Jettisoned from Wall Street’s Inner Circle, Cohen Said to Plot Comeback Bid


You can’t keep a good trader down, even if his firm was indicted for insider trading.

That’s the upshot from friends and business associates of Steven Cohen, the billionaire hedge fund impresario who’s old firm SAC Capital was indicted by the Manhattan U.S. Attorney’s office and plead guilty to criminal insider trading charges, and whose new firm, Point72 Asset Management, has been forced to operate as a “family office” and manage only Cohen’s own enormous net worth.

With that, Cohen at least for the moment and maybe forever, is a Wall Street outcast. In addition to having his firm indicted, and unable to manage outside investor cash, he faces a Securities and Exchange Commission civil charge that he failed to properly supervise traders who, under his watch, allegedly committed insider trading and faces a lifetime bar from the securities industry.

Still, Cohen says he’s done nothing wrong, and people who know him say he’s playing a long-game, not content with managing his own wealth (estimated at $11 billion) but also to reclaim his title as one of the biggest and best hedge fund managers by attracting outside cash. SAC managed some $14 billion in assets in its funds during a 22-year reign where he produced both outsize returns and the scrutiny of regulators.

Now, people close to Cohen say he has quietly and methodically launched a multi-pronged effort to eventually make his full return to the hedge fund business, even if many legal experts say the odds are low that he will prevail.

“I would say Steven Cohen’s chances are about as good as Michael Milken’s would be” for returning the securities business, said Columbia Law School professor John Coffee, referring to the tarnished junk bond pioneer. Still, Coffee added, “a lifetime ban allows you to reapply five years later for readmission,” meaning it’s not impossible.

A spokesman for Cohen said the hedge fund manager has “no plans to raise outside capital.” However, that statement reflects Point72’s current legal situation, according to people close to Cohen. Longer term, these people say, Cohen sees an opening to return to the business.

The first step in accomplishing this goal, they say, was to distance himself from the baggage of his old firm, which included a guilty plea and convictions of eight of its personnel for insider trading (the U.S. Attorney for the Southern District of New York’s office called SAC a “magnet for market cheaters”). That’s why the firm changed its name from SAC (Steven A. Cohen) to the more innocuous Point72, named after its street address in Stamford, CT, these people say.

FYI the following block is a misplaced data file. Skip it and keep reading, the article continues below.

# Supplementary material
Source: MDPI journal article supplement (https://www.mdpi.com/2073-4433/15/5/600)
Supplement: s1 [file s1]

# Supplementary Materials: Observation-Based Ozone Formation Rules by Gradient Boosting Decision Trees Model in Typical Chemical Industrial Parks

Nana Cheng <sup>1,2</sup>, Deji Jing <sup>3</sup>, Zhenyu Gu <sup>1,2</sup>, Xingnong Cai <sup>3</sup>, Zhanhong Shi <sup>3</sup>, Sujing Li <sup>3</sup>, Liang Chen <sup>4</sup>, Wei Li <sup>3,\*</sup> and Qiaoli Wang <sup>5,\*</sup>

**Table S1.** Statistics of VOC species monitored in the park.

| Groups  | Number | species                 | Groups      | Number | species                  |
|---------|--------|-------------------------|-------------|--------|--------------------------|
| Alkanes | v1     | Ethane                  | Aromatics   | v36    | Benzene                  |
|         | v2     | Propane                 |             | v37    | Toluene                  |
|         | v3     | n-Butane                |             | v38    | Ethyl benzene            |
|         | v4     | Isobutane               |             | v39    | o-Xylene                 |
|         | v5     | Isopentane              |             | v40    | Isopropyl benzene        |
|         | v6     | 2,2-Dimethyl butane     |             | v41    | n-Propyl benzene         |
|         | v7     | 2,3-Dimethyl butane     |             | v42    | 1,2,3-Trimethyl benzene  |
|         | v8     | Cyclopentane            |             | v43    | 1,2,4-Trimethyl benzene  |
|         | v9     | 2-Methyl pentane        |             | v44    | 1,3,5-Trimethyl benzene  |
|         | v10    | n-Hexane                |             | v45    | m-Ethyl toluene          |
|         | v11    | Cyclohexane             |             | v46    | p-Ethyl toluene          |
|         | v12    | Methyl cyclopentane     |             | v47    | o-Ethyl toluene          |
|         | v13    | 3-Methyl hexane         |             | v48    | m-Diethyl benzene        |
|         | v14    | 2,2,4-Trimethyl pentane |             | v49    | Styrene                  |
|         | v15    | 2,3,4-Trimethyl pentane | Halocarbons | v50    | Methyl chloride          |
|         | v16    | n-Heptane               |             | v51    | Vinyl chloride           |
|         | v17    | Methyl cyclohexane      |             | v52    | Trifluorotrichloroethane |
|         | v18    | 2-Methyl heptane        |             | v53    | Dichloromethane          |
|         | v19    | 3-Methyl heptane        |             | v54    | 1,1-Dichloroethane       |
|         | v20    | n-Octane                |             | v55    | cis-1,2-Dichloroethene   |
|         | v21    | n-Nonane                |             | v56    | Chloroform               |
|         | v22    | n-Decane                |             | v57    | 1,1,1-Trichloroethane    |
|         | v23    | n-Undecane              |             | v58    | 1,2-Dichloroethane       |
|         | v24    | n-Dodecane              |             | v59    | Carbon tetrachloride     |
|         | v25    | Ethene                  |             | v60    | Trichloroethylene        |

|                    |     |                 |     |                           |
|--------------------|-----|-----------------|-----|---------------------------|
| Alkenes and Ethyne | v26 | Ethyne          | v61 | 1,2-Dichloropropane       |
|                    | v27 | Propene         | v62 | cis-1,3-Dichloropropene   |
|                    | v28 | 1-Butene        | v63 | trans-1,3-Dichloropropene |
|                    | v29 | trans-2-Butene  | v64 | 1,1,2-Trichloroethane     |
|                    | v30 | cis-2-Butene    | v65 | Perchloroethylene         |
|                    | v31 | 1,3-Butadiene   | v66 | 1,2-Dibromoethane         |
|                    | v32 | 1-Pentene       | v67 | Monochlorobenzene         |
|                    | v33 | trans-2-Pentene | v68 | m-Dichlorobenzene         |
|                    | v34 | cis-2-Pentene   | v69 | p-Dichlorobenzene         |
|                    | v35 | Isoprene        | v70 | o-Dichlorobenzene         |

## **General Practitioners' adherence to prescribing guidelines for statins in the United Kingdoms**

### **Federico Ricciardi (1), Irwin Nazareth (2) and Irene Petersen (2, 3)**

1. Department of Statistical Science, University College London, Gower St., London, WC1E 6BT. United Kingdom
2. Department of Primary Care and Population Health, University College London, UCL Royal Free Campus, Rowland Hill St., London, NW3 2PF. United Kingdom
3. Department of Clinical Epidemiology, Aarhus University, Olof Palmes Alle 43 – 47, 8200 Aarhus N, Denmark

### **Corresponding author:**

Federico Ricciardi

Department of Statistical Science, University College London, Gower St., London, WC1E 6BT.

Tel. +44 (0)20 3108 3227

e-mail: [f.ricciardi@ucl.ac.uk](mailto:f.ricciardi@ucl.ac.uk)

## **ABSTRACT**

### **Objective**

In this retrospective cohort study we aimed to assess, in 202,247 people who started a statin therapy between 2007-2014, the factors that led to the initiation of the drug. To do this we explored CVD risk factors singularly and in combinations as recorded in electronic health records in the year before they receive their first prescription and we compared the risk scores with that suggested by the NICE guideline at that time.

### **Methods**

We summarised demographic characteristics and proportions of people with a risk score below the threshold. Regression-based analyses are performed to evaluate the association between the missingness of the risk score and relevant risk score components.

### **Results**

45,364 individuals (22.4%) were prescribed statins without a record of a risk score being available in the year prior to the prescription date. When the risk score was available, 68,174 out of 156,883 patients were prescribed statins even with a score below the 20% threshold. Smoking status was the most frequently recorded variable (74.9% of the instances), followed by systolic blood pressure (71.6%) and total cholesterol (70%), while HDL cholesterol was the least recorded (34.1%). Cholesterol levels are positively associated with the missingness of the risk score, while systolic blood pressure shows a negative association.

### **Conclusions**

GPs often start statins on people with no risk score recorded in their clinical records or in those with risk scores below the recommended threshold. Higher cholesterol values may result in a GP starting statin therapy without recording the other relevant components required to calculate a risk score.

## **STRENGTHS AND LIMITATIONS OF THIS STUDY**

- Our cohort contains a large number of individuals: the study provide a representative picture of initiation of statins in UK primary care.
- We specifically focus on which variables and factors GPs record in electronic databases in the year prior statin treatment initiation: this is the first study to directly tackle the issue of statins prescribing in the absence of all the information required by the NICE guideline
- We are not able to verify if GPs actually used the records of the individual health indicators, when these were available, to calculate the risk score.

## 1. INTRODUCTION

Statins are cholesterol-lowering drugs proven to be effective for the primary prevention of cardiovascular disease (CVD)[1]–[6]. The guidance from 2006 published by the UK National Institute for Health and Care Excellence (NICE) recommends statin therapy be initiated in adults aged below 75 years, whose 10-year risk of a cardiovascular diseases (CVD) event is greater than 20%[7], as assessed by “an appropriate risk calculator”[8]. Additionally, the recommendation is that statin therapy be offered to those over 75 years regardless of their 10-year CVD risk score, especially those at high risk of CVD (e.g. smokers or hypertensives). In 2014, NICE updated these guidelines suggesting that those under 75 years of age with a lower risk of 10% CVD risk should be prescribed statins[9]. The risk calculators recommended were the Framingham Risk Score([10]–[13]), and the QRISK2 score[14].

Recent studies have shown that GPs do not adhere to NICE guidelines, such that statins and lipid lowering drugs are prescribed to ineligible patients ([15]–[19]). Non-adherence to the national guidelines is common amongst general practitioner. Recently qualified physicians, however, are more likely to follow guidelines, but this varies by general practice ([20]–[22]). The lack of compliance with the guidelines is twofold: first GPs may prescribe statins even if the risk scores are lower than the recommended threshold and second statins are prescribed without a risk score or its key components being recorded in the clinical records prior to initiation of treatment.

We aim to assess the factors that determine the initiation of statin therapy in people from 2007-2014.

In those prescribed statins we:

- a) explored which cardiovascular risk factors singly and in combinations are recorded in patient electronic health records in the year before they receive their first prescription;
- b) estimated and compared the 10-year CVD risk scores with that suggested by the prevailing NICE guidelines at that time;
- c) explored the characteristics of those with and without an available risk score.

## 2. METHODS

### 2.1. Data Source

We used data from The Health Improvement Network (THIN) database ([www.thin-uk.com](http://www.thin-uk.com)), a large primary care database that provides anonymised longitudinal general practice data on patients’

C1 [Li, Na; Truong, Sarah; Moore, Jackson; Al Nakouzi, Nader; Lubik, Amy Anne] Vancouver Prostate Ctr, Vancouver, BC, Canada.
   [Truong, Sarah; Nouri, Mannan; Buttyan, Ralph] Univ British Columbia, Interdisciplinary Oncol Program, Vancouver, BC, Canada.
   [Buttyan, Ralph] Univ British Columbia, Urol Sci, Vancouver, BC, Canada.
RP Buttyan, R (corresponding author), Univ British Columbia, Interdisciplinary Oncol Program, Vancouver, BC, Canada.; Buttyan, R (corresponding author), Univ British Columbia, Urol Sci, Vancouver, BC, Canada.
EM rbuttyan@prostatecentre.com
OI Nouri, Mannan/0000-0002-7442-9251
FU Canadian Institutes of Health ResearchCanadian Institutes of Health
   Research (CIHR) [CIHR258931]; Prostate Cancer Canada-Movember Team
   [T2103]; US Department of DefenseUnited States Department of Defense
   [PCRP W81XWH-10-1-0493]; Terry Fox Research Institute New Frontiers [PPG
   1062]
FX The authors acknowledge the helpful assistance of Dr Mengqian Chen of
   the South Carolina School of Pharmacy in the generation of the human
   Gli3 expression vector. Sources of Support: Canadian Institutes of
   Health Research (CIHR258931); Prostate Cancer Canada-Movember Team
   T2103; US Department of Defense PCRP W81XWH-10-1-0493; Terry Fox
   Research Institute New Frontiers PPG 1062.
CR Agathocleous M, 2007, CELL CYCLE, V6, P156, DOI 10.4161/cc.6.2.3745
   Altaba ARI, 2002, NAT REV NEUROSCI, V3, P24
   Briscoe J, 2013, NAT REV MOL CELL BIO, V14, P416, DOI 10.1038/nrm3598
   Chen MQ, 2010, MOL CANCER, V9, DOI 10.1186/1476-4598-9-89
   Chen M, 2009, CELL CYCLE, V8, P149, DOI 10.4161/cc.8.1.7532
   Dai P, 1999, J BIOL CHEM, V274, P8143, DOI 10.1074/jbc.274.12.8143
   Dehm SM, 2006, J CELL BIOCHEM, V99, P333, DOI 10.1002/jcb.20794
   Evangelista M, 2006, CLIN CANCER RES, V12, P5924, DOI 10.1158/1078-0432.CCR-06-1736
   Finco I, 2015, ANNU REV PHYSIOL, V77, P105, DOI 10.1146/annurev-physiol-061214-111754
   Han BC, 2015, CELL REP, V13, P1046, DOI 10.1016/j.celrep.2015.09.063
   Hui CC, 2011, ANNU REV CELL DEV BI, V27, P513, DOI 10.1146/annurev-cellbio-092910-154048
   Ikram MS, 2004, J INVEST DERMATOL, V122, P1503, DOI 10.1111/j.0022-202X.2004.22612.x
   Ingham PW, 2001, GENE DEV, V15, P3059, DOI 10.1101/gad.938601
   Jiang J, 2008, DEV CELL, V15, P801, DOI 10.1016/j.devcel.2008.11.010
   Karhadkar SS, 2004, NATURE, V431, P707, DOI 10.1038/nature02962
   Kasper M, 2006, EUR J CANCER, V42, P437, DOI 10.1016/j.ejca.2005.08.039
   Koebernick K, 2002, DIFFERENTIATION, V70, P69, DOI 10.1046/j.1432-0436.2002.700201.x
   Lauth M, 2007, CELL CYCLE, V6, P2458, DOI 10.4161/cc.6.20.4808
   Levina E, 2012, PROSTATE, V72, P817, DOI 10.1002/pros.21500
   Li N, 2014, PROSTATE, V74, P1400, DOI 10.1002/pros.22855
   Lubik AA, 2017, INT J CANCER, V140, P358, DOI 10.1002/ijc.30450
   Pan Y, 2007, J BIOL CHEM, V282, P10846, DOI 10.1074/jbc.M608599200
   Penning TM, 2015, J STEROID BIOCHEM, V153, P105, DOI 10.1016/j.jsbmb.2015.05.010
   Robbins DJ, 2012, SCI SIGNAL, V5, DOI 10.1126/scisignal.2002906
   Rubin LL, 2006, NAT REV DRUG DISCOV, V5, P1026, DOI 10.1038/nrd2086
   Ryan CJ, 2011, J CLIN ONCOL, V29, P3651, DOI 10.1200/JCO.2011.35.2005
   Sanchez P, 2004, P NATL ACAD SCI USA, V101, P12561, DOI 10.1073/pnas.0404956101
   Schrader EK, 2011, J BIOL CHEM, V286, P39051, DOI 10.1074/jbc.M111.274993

Cohen then assembled a top-notch legal team to try or fight back both class action lawsuits that could eat into his considerable net worth, and figure out a way to prevent the government from reaching its stated goal of forcing Cohen into a lifetime bar from the securities business, which would make it impossible to manage investments other than his own. His latest hire: Super lawyer David Boies, who garnered national recognition for representing former vice president Al Gore before the U.S. Supreme Court in the disputed 2000 presidential election. He also represented the U.S. Justice Department in its antitrust case against Microsoft (NASDAQ:MSFT), and his white collar clients include former AIG (NYSE:AIG) chief executive Hank Greenberg.

Clues to Cohen’s desire to return to the hedge fund business also could be found in a surprise move earlier this week, in which his long-time No. 2, Thomas Conheeney, abruptly resigned from Point72, in what was described as a “mutual and amicable agreement,” say people close to his firm. Conheeney was the third top executive to leave the outfit since the April guilty plea, and people close to Cohen say the moves were designed to curry favor with regulators by removing the executive team that managed the firm at the height of its legal problems. Conheeney declined to comment to FOX Business and a spokesman had no further comment.

Another clue: Conheeney was replaced by Douglas Haynes, who worked for management consulting outfit McKinsey & Co. People at SAC pointed to the following line, quoting Haynes, in the press release announcing the move as proof of Cohen’s desire to make a comeback: “I look forward to working with Steve to lead the firm as we pursue our goal of being the industry’s premier asset management firm that adheres to the highest ethical standards.”

A person close to Cohen said, “You generally don’t consider a family office a ‘premier asset management firm’ … Steve wants to come back.”